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Networking Basics: Part 5 – Domain Controllers

What domain controllers are and how they fit into your network infrastructure.

In the previous article in this series, I talked about the roles of various computers on a network. As you may recall, one of the roles that I talked a little bit about was that of a domain controller. In this article, I will talk more about what domain controllers are and how they fit into your network infrastructure.

One of the most important concepts in Windows networking is that of a domain. A domain is basically a collection of user accounts and computer accounts that are grouped together so that they can be centrally managed. It is the job of the domain controller to facilitate this central management of domain resources.

To see why this is important, consider that any workstation that’s running Windows XP contains a handful of built in user accounts. Windows XP even allows you to create additional user accounts on the workstation. Unless the workstation is functioning as a standalone system or is a part of a peer network, these workstation level user accounts (called local user accounts) are not used for controlling access to network resources. Instead, local user accounts are used to regulate access to the local computer. They act primarily as a mechanism which insures that administrators can perform workstation maintenance, without the end users having the ability to tamper with workstation settings.

The reason why local user accounts are not used to control access to resources outside of the workstation that they reside on is because doing so would create an extreme management burden. Think about it for a minute. Local user accounts reside on each individual workstation. This means that if local user accounts were a network’s primary security mechanism, then an administrator would have to physically travel to the computer containing an account any time a change is needed to be made to the account’s permissions. This might not be a big deal on smaller networks, but making security changes would be extremely cumbersome on larger networks or in situations in which a change is needed to be applied globally to all accounts.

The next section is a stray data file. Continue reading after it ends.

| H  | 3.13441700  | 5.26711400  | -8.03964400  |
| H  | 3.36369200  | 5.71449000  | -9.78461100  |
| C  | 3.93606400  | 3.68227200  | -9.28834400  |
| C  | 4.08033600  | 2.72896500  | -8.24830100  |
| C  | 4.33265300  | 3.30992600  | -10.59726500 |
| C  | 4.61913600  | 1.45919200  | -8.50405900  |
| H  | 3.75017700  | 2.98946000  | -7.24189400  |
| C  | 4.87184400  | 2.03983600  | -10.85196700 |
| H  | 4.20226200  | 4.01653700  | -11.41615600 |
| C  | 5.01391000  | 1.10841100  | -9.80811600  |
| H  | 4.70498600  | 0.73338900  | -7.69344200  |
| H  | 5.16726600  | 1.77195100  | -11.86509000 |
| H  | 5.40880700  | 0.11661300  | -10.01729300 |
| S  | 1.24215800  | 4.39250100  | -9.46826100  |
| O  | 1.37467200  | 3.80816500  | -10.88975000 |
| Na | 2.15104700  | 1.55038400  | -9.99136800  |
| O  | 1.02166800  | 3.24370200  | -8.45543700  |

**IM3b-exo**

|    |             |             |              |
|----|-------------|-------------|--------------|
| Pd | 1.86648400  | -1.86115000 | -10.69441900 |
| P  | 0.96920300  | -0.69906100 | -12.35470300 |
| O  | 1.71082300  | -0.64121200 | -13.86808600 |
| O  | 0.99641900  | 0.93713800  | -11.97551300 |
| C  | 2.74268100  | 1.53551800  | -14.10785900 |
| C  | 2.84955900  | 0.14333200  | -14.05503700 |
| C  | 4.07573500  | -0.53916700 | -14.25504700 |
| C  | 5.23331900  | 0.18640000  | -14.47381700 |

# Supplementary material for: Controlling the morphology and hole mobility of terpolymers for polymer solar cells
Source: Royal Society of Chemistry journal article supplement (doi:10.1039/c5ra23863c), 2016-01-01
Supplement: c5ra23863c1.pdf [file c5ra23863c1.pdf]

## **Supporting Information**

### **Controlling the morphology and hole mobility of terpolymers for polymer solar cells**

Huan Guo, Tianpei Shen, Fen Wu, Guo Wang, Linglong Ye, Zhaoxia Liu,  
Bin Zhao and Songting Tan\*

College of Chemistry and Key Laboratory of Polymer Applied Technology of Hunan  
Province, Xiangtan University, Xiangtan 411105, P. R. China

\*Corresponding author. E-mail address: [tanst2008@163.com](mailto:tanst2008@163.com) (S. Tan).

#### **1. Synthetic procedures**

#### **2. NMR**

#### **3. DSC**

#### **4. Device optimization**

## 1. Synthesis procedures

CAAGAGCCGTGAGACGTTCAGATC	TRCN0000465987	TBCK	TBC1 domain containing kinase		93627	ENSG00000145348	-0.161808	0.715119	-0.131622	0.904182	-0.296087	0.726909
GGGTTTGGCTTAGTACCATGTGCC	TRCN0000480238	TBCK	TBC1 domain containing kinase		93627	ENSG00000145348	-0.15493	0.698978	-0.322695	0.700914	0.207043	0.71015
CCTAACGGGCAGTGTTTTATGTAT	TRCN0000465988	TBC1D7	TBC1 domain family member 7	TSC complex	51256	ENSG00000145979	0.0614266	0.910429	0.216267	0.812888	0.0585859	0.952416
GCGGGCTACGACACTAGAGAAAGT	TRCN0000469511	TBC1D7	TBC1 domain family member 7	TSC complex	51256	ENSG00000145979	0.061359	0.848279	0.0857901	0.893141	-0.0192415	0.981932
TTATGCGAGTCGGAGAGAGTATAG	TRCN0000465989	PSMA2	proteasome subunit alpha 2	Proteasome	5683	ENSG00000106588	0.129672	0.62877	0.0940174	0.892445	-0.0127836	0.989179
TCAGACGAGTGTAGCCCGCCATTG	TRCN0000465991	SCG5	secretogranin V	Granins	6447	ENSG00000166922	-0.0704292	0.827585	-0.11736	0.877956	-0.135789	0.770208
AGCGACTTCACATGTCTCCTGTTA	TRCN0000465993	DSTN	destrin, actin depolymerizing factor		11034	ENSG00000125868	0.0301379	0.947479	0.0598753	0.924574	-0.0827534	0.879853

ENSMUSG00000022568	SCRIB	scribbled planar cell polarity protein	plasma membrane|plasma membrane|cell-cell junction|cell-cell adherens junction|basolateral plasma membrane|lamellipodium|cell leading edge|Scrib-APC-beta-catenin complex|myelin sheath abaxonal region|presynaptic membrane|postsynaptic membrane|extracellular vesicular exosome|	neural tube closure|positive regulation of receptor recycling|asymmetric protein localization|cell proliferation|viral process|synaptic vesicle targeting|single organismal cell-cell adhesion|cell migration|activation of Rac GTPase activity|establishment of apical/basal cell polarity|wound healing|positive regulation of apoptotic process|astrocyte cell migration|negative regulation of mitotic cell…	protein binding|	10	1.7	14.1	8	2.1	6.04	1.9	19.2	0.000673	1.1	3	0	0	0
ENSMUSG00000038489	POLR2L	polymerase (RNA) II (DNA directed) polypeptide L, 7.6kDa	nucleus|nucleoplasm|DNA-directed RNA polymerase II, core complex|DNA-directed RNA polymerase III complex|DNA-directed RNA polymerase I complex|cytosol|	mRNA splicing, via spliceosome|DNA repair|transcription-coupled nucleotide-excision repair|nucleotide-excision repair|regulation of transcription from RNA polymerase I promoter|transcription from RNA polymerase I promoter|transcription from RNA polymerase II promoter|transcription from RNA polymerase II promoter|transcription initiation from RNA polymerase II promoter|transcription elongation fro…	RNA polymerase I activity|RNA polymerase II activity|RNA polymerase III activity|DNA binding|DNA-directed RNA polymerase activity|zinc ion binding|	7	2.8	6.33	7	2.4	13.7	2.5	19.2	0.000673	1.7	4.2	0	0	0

Another reason why local user accounts are not used to control access to network resources is because they don’t travel with the user from one computer to another. For instance, if a user’s computer crashed, the user couldn’t just log on to another computer and work while their computer was being fixed, because the user’s account is specific to the computer that crashed. In order for the user to be able to do any work, a new account would have to be created on the computer that the user is now working with.

These are just a few of the reasons why using local user accounts to secure access to network resources is impractical. Even if you wanted to implement this type of security, Windows does not allow it. Local user accounts can only be used to secure local resources.

A domain solves these and other problems by centralizing user accounts (and other configuration and security related objects that I will talk about later in the series). This allows for easier administration, and allows users to log onto the network from any PC on the network (unless you restrict which machines a user can login from).

With the information that I have given you so far regarding domains, it may seem that the philosophy behind domains is that, since the resources which users need access to reside on a server, you should use server level user accounts to control access to those resources. In a way this idea is true, but there is a little more to it than that.